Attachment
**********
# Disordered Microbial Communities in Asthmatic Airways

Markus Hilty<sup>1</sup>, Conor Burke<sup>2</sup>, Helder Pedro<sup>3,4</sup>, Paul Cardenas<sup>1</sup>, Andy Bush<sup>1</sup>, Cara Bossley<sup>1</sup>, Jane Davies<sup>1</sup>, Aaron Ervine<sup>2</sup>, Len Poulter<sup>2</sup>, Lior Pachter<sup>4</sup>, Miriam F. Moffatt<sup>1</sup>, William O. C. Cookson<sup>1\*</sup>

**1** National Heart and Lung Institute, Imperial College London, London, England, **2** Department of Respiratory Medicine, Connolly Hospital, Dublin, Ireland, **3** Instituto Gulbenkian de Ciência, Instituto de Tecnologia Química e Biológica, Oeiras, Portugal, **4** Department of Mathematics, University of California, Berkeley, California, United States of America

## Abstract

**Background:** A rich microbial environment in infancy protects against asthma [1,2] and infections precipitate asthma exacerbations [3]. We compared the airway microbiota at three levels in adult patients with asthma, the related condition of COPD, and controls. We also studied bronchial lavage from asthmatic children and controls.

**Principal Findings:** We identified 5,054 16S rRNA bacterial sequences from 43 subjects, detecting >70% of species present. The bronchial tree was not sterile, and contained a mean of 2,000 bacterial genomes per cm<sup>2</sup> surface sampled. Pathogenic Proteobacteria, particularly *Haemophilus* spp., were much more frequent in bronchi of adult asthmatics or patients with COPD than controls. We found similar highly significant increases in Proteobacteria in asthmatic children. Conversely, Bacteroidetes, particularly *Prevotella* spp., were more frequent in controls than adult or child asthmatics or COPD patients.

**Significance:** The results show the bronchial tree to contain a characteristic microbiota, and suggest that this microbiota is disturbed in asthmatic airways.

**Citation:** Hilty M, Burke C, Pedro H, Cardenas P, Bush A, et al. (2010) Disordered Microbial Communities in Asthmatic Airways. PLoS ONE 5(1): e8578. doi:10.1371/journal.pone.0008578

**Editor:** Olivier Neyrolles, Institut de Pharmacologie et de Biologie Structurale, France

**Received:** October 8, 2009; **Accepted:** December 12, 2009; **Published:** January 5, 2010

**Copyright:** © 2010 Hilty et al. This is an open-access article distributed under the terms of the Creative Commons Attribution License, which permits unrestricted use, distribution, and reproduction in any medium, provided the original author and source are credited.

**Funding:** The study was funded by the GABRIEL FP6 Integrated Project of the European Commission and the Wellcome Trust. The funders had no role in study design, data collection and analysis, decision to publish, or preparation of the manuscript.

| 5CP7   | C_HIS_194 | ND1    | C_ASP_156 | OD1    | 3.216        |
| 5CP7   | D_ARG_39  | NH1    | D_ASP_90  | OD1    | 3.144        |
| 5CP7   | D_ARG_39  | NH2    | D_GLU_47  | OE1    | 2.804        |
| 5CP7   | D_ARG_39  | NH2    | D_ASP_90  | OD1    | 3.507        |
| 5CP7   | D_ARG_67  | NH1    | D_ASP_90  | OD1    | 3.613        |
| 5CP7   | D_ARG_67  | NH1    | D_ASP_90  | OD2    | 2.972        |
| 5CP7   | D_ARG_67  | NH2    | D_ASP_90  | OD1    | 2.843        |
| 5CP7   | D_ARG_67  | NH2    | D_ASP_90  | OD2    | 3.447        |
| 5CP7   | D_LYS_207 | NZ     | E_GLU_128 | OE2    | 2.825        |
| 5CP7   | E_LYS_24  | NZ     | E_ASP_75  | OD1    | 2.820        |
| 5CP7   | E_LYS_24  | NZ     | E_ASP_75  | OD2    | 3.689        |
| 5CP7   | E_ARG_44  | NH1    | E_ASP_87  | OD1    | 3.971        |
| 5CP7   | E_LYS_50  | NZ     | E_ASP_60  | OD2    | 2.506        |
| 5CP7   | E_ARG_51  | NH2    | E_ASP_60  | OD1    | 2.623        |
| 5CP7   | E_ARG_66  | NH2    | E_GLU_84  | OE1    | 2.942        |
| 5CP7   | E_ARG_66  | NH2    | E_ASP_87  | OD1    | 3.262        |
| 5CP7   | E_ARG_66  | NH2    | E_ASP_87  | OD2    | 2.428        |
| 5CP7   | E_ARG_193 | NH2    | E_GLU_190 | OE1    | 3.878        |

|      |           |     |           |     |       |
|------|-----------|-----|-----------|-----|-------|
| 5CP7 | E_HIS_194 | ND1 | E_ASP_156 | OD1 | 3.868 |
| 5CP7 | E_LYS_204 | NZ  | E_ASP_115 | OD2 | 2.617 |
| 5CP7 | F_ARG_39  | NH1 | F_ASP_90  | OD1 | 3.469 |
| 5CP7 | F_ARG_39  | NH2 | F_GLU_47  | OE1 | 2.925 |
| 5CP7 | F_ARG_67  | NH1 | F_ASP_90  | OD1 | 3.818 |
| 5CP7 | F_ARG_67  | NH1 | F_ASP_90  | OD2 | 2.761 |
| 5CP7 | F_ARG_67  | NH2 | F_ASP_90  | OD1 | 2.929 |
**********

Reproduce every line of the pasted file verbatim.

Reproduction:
# Disordered Microbial Communities in Asthmatic Airways

Markus Hilty<sup>1</sup>, Conor Burke<sup>2</sup>, Helder Pedro<sup>3,4</sup>, Paul Cardenas<sup>1</sup>, Andy Bush<sup>1</sup>, Cara Bossley<sup>1</sup>, Jane Davies<sup>1</sup>, Aaron Ervine<sup>2</sup>, Len Poulter<sup>2</sup>, Lior Pachter<sup>4</sup>, Miriam F. Moffatt<sup>1</sup>, William O. C. Cookson<sup>1\*</sup>

**1** National Heart and Lung Institute, Imperial College London, London, England, **2** Department of Respiratory Medicine, Connolly Hospital, Dublin, Ireland, **3** Instituto Gulbenkian de Ciência, Instituto de Tecnologia Química e Biológica, Oeiras, Portugal, **4** Department of Mathematics, University of California, Berkeley, California, United States of America

## Abstract

**Background:** A rich microbial environment in infancy protects against asthma [1,2] and infections precipitate asthma exacerbations [3]. We compared the airway microbiota at three levels in adult patients with asthma, the related condition of COPD, and controls. We also studied bronchial lavage from asthmatic children and controls.

**Principal Findings:** We identified 5,054 16S rRNA bacterial sequences from 43 subjects, detecting >70% of species present. The bronchial tree was not sterile, and contained a mean of 2,000 bacterial genomes per cm<sup>2</sup> surface sampled. Pathogenic Proteobacteria, particularly *Haemophilus* spp., were much more frequent in bronchi of adult asthmatics or patients with COPD than controls. We found similar highly significant increases in Proteobacteria in asthmatic children. Conversely, Bacteroidetes, particularly *Prevotella* spp., were more frequent in controls than adult or child asthmatics or COPD patients.

**Significance:** The results show the bronchial tree to contain a characteristic microbiota, and suggest that this microbiota is disturbed in asthmatic airways.

**Citation:** Hilty M, Burke C, Pedro H, Cardenas P, Bush A, et al. (2010) Disordered Microbial Communities in Asthmatic Airways. PLoS ONE 5(1): e8578. doi:10.1371/journal.pone.0008578

**Editor:** Olivier Neyrolles, Institut de Pharmacologie et de Biologie Structurale, France

**Received:** October 8, 2009; **Accepted:** December 12, 2009; **Published:** January 5, 2010

**Copyright:** © 2010 Hilty et al. This is an open-access article distributed under the terms of the Creative Commons Attribution License, which permits unrestricted use, distribution, and reproduction in any medium, provided the original author and source are credited.

**Funding:** The study was funded by the GABRIEL FP6 Integrated Project of the European Commission and the Wellcome Trust. The funders had no role in study design, data collection and analysis, decision to publish, or preparation of the manuscript.

| 5CP7   | C_HIS_194 | ND1    | C_ASP_156 | OD1    | 3.216        |
| 5CP7   | D_ARG_39  | NH1    | D_ASP_90  | OD1    | 3.144        |
| 5CP7   | D_ARG_39  | NH2    | D_GLU_47  | OE1    | 2.804        |
| 5CP7   | D_ARG_39  | NH2    | D_ASP_90  | OD1    | 3.507        |
| 5CP7   | D_ARG_67  | NH1    | D_ASP_90  | OD1    | 3.613        |
| 5CP7   | D_ARG_67  | NH1    | D_ASP_90  | OD2    | 2.972        |
| 5CP7   | D_ARG_67  | NH2    | D_ASP_90  | OD1    | 2.843        |
| 5CP7   | D_ARG_67  | NH2    | D_ASP_90  | OD2    | 3.447        |
| 5CP7   | D_LYS_207 | NZ     | E_GLU_128 | OE2    | 2.825        |
| 5CP7   | E_LYS_24  | NZ     | E_ASP_75  | OD1    | 2.820        |
| 5CP7   | E_LYS_24  | NZ     | E_ASP_75  | OD2    | 3.689        |
| 5CP7   | E_ARG_44  | NH1    | E_ASP_87  | OD1    | 3.971        |
| 5CP7   | E_LYS_50  | NZ     | E_ASP_60  | OD2    | 2.506        |
| 5CP7   | E_ARG_51  | NH2    | E_ASP_60  | OD1    | 2.623        |
| 5CP7   | E_ARG_66  | NH2    | E_GLU_84  | OE1    | 2.942        |
| 5CP7   | E_ARG_66  | NH2    | E_ASP_87  | OD1    | 3.262        |
| 5CP7   | E_ARG_66  | NH2    | E_ASP_87  | OD2    | 2.428        |
| 5CP7   | E_ARG_193 | NH2    | E_GLU_190 | OE1    | 3.878        |

|      |           |     |           |     |       |
|------|-----------|-----|-----------|-----|-------|
| 5CP7 | E_HIS_194 | ND1 | E_ASP_156 | OD1 | 3.868 |
| 5CP7 | E_LYS_204 | NZ  | E_ASP_115 | OD2 | 2.617 |
| 5CP7 | F_ARG_39  | NH1 | F_ASP_90  | OD1 | 3.469 |
| 5CP7 | F_ARG_39  | NH2 | F_GLU_47  | OE1 | 2.925 |
| 5CP7 | F_ARG_67  | NH1 | F_ASP_90  | OD1 | 3.818 |
| 5CP7 | F_ARG_67  | NH1 | F_ASP_90  | OD2 | 2.761 |
| 5CP7 | F_ARG_67  | NH2 | F_ASP_90  | OD1 | 2.929 |